Following Ieuan Wyn Jones’s comments in his book on his political career, Dyfodol i’r Iaith calls again for the establishment of an arms’-length Body to plan the future of the Welsh language.
According to Dyfodol i’r Iaith, extensive areas require urgent attention. The Government seems to be increasingly aware of the need for action on housing and the economy, the need to develop local communities, but implementation is lacking
Heini Gruffudd, Chair of Dyfodol i’r Iaith, said, “The lack of holistic planning is clear. The Welsh-medium education targets are becoming increasingly inadequate, there is a clear lack of funding to develop Welsh language learning for adults and in the workplace. The programme to teach Welsh to teachers is insufficient, with talk of introducing 60-hour courses, where 600-hour ones are needed.
“The establishment of an arm’s length body, with permanent specialist staff, who will be able to create a complete ongoing programme, to be accepted by various Government departments, is long overdue. Such a body would be able to give creative direction to language planning in Wales, with an emphasis on families and the community. It will be able to promote effectively and freely, and create plans over a long term. With intelligent regulation, and working with the Government’s Welsh Department, it will be possible to create robust conditions for the prosperity of the Welsh language.
“We look forward to discussing this with the Government, which, in all good faith, is slow in driving things forward.”
Dyfodol i’r Iaith has called for a national discussion on how to ensure that the needs of the Welsh language and racial equality can be harmonised and promoted. This is in response to the recent report on the opportunities provided by the Arts Council of Wales and the National Museum Wales for black people and people of colour.
In the press, particularly the English press, the report’s conclusions were reported as being an indictment of the Welsh language, as if language requirements are invariably a barrier to equality and diversity within these sectors.
Heini Gruffudd, Dyfodol’s Chair said:
“The press’s interpretation of this report was provocative and erroneous, suggesting that it is not possible for a black person or person of colour to speak or learn Welsh. We know, of course, that this suggestion is both offensive and nonsensical and that many more appropriate and flexible opportunities to learn the language are needed.
Promoting the Welsh language and ensuring racial equality is not a matter of choice or prioritisation; both must go hand in hand if the Welsh language is to flourish and be enriched by becoming the medium for diverse experiences.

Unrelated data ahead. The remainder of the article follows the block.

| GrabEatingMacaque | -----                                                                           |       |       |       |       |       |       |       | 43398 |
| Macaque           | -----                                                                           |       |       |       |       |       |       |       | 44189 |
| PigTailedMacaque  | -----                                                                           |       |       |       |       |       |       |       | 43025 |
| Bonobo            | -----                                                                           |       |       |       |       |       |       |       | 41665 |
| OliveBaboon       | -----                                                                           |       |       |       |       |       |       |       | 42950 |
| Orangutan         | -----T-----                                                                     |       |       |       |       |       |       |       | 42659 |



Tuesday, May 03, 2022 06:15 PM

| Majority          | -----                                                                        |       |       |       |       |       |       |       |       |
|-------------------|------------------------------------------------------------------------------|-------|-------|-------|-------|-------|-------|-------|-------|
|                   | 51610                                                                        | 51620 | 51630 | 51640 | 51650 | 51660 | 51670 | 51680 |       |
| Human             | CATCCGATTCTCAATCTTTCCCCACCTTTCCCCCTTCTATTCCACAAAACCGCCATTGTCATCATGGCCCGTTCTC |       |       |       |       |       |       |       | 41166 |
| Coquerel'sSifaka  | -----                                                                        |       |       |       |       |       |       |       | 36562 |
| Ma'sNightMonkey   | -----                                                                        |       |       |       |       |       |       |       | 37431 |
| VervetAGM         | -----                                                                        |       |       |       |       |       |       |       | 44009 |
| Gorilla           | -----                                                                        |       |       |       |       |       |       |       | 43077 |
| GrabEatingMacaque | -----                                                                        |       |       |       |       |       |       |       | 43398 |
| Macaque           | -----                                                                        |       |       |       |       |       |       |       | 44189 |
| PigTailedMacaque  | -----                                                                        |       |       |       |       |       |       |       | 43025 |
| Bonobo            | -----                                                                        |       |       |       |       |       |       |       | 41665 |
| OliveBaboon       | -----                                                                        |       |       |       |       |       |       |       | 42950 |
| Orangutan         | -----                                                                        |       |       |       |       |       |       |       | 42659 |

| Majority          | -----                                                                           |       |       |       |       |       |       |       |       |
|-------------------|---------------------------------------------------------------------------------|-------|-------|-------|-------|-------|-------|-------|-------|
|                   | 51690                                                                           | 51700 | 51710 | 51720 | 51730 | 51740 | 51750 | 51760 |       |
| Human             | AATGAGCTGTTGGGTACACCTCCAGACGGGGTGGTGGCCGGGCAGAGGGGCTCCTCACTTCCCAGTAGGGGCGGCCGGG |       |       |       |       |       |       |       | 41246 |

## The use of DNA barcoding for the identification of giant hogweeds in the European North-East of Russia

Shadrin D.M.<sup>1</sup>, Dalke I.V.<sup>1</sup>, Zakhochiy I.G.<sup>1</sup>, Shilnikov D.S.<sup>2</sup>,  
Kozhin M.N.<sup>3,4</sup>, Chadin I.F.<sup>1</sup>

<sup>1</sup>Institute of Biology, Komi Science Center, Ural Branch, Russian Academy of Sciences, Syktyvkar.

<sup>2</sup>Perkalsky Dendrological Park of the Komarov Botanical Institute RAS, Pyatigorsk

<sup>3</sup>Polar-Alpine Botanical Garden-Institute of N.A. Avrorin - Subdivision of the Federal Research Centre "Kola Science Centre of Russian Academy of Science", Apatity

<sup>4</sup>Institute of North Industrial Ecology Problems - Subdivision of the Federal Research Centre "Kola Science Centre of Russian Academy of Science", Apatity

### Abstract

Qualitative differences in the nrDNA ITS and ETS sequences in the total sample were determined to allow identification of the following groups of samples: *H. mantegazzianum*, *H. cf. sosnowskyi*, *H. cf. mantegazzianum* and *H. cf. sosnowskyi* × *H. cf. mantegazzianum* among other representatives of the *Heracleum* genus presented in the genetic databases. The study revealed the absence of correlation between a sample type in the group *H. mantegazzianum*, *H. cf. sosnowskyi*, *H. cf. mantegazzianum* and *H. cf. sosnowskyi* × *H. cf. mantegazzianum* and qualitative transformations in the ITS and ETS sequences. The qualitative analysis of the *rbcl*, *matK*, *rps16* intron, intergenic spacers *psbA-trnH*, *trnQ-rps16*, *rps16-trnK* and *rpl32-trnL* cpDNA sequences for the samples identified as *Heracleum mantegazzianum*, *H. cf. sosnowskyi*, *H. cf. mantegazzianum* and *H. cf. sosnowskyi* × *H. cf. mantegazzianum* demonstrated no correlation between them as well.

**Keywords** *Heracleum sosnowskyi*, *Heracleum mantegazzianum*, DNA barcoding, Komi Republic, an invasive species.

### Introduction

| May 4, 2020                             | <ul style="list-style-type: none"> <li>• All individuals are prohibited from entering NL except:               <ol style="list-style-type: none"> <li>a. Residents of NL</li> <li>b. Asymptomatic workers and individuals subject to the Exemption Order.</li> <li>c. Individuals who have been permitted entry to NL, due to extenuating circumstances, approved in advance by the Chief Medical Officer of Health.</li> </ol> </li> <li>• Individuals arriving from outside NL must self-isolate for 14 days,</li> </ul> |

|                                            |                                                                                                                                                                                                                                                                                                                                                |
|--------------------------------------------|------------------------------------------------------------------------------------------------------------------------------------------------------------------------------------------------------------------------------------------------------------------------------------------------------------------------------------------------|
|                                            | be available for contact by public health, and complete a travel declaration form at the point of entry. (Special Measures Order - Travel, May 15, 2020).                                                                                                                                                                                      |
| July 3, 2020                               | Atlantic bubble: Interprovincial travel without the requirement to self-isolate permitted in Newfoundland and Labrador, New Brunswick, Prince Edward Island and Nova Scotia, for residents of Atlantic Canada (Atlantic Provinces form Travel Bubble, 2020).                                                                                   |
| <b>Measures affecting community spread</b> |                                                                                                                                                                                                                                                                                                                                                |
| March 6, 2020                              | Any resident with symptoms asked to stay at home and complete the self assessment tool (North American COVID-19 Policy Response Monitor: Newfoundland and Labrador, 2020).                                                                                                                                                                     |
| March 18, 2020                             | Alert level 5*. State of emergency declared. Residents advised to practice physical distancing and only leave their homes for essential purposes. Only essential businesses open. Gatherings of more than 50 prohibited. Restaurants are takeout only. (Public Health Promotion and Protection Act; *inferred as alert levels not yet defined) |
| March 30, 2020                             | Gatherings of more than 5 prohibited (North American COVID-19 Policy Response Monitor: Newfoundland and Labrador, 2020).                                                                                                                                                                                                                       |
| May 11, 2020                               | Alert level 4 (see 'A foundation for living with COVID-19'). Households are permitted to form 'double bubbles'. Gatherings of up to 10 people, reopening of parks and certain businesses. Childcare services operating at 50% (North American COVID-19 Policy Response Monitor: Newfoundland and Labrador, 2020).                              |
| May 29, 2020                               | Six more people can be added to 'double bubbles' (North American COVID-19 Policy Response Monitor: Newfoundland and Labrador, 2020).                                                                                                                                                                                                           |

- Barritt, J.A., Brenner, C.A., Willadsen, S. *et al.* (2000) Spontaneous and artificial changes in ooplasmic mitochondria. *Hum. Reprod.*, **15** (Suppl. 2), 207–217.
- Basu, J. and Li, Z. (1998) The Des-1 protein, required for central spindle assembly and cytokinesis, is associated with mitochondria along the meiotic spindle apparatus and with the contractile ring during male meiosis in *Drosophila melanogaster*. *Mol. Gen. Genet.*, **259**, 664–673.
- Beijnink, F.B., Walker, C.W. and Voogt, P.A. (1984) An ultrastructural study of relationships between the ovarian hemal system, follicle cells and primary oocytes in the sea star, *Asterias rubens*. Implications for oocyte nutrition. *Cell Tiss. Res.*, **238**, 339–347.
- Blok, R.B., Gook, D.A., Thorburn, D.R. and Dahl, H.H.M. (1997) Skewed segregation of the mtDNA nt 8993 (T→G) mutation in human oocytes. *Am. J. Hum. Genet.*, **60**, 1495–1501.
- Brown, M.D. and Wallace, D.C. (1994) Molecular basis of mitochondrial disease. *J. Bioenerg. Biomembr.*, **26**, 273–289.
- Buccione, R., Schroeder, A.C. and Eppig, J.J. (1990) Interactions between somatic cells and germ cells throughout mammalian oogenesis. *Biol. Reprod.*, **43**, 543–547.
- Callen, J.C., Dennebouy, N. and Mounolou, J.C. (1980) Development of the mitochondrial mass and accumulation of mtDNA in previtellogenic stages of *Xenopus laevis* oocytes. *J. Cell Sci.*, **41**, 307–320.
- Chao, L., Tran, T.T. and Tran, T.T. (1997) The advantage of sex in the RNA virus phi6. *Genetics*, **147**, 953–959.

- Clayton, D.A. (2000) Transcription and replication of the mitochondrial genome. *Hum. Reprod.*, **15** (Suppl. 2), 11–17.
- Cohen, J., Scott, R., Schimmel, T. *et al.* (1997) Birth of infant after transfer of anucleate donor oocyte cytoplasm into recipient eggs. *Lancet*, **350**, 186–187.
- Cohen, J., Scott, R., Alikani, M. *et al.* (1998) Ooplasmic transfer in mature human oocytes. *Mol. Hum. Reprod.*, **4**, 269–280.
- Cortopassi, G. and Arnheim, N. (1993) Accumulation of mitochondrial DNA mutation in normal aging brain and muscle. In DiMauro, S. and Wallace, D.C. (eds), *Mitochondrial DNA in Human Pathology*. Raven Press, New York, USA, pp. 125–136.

Neither is the Welsh Government free from this fallacy. They have rightly decided to include the history of black people and people of colour within the National Curriculum, but have not acknowledged the need to learn about Welsh history. Once again, this is not a matter of either / or. History is key to our understanding of the present, and without the specific context of Welsh history, the history of black people and people of colour in Wales is deprived of the framework which is essential to our understanding of that history.”
A recent report by the Welsh Anti-Racist Union concludes that the procedures and policies of the Arts Council for Wales and National Museums Wales are fundamentally racist and place barriers to the participation of black people and people of colour in the arts and cultural activities in Wales. Such a report is timely and important and seeks to address inequality within two areas that can only flourish through encouraging a diversity of perspectives and experiences.
It is galling to note however that these conclusions have been presented and reported in way that confirms the fallacy that no black person or person of colour can or would want to speak the Welsh language. Even worse is the implication that the interests of two minority groups (black people and Welsh speakers) must be pitted against each other, without acknowledging that this is a false dichotomy, The Welsh language is a skill which can be learnt: black people and people of colour across Wales already speak it and more importantly, there should be acessible and inclusive opportunities for all to learn it.
The irony of this necessary report is that it has led to the media focusing solely on the Welsh language as being a barrier to equality, while ignoring the centuries of unjust ideology which is totally unrelated to the efforts to win civil rights for the Welsh language and its speakers.
This suggests an urgent need to initiate a far-reaching discussion on how to balance and integrate race equality (and all other equality strands) with the needs of the Welsh language in public life. It is frankly heart-breaking that it is currently easier to scapegoat other minorities than to challenge the status quo.